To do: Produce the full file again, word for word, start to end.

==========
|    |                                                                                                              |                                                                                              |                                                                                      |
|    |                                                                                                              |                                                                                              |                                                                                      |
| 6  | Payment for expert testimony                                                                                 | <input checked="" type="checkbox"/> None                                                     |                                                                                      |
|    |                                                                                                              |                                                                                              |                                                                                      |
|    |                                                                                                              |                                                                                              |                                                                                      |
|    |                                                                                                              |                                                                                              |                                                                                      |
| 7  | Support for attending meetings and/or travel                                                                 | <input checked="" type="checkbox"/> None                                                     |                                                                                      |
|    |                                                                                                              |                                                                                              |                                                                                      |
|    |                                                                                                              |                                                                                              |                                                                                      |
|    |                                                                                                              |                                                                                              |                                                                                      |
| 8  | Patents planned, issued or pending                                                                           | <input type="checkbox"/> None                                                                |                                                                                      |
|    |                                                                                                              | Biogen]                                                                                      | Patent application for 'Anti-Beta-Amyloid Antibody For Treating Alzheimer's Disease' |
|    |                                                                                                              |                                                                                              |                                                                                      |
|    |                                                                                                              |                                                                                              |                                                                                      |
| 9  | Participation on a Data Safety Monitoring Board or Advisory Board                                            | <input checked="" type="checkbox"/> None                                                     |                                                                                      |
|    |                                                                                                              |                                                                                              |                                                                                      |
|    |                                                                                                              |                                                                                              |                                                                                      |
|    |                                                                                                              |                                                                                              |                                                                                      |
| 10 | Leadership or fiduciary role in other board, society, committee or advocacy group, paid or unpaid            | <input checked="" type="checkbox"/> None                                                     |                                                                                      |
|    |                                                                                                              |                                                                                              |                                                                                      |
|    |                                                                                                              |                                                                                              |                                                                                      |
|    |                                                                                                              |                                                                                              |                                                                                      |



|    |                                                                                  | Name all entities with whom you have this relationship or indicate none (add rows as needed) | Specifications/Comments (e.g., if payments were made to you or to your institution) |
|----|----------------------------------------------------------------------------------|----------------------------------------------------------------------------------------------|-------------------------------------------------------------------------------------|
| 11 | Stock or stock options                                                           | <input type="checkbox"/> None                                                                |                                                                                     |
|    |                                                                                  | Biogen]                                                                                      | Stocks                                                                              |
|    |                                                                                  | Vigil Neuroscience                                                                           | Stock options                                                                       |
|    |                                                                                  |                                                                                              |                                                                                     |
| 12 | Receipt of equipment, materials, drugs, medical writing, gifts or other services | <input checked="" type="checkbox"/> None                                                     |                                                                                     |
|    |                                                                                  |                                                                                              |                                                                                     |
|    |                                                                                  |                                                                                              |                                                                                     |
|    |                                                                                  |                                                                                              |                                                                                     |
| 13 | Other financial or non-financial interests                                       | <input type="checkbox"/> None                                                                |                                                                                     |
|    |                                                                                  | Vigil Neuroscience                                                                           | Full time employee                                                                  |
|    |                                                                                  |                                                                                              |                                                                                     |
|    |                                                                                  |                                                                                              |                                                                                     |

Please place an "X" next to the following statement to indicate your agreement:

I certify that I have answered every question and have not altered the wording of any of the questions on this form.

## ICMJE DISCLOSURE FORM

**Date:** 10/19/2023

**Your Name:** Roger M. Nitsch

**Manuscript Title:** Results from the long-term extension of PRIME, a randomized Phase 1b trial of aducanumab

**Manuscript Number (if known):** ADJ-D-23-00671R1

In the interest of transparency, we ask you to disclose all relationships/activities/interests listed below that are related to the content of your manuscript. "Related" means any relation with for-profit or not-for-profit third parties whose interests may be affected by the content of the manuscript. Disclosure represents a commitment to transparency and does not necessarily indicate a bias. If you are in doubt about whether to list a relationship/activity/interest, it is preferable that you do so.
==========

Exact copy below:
|    |                                                                                                              |                                                                                              |                                                                                      |
|    |                                                                                                              |                                                                                              |                                                                                      |
| 6  | Payment for expert testimony                                                                                 | <input checked="" type="checkbox"/> None                                                     |                                                                                      |
|    |                                                                                                              |                                                                                              |                                                                                      |
|    |                                                                                                              |                                                                                              |                                                                                      |
|    |                                                                                                              |                                                                                              |                                                                                      |
| 7  | Support for attending meetings and/or travel                                                                 | <input checked="" type="checkbox"/> None                                                     |                                                                                      |
|    |                                                                                                              |                                                                                              |                                                                                      |
|    |                                                                                                              |                                                                                              |                                                                                      |
|    |                                                                                                              |                                                                                              |                                                                                      |
| 8  | Patents planned, issued or pending                                                                           | <input type="checkbox"/> None                                                                |                                                                                      |
|    |                                                                                                              | Biogen]                                                                                      | Patent application for 'Anti-Beta-Amyloid Antibody For Treating Alzheimer's Disease' |
|    |                                                                                                              |                                                                                              |                                                                                      |
|    |                                                                                                              |                                                                                              |                                                                                      |
| 9  | Participation on a Data Safety Monitoring Board or Advisory Board                                            | <input checked="" type="checkbox"/> None                                                     |                                                                                      |
|    |                                                                                                              |                                                                                              |                                                                                      |
|    |                                                                                                              |                                                                                              |                                                                                      |
|    |                                                                                                              |                                                                                              |                                                                                      |
| 10 | Leadership or fiduciary role in other board, society, committee or advocacy group, paid or unpaid            | <input checked="" type="checkbox"/> None                                                     |                                                                                      |
|    |                                                                                                              |                                                                                              |                                                                                      |
|    |                                                                                                              |                                                                                              |                                                                                      |
|    |                                                                                                              |                                                                                              |                                                                                      |



|    |                                                                                  | Name all entities with whom you have this relationship or indicate none (add rows as needed) | Specifications/Comments (e.g., if payments were made to you or to your institution) |
|----|----------------------------------------------------------------------------------|----------------------------------------------------------------------------------------------|-------------------------------------------------------------------------------------|
| 11 | Stock or stock options                                                           | <input type="checkbox"/> None                                                                |                                                                                     |
|    |                                                                                  | Biogen]                                                                                      | Stocks                                                                              |
|    |                                                                                  | Vigil Neuroscience                                                                           | Stock options                                                                       |
|    |                                                                                  |                                                                                              |                                                                                     |
| 12 | Receipt of equipment, materials, drugs, medical writing, gifts or other services | <input checked="" type="checkbox"/> None                                                     |                                                                                     |
|    |                                                                                  |                                                                                              |                                                                                     |
|    |                                                                                  |                                                                                              |                                                                                     |
|    |                                                                                  |                                                                                              |                                                                                     |
| 13 | Other financial or non-financial interests                                       | <input type="checkbox"/> None                                                                |                                                                                     |
|    |                                                                                  | Vigil Neuroscience                                                                           | Full time employee                                                                  |
|    |                                                                                  |                                                                                              |                                                                                     |
|    |                                                                                  |                                                                                              |                                                                                     |

Please place an "X" next to the following statement to indicate your agreement:

I certify that I have answered every question and have not altered the wording of any of the questions on this form.

## ICMJE DISCLOSURE FORM

**Date:** 10/19/2023

**Your Name:** Roger M. Nitsch

**Manuscript Title:** Results from the long-term extension of PRIME, a randomized Phase 1b trial of aducanumab

**Manuscript Number (if known):** ADJ-D-23-00671R1

In the interest of transparency, we ask you to disclose all relationships/activities/interests listed below that are related to the content of your manuscript. "Related" means any relation with for-profit or not-for-profit third parties whose interests may be affected by the content of the manuscript. Disclosure represents a commitment to transparency and does not necessarily indicate a bias. If you are in doubt about whether to list a relationship/activity/interest, it is preferable that you do so.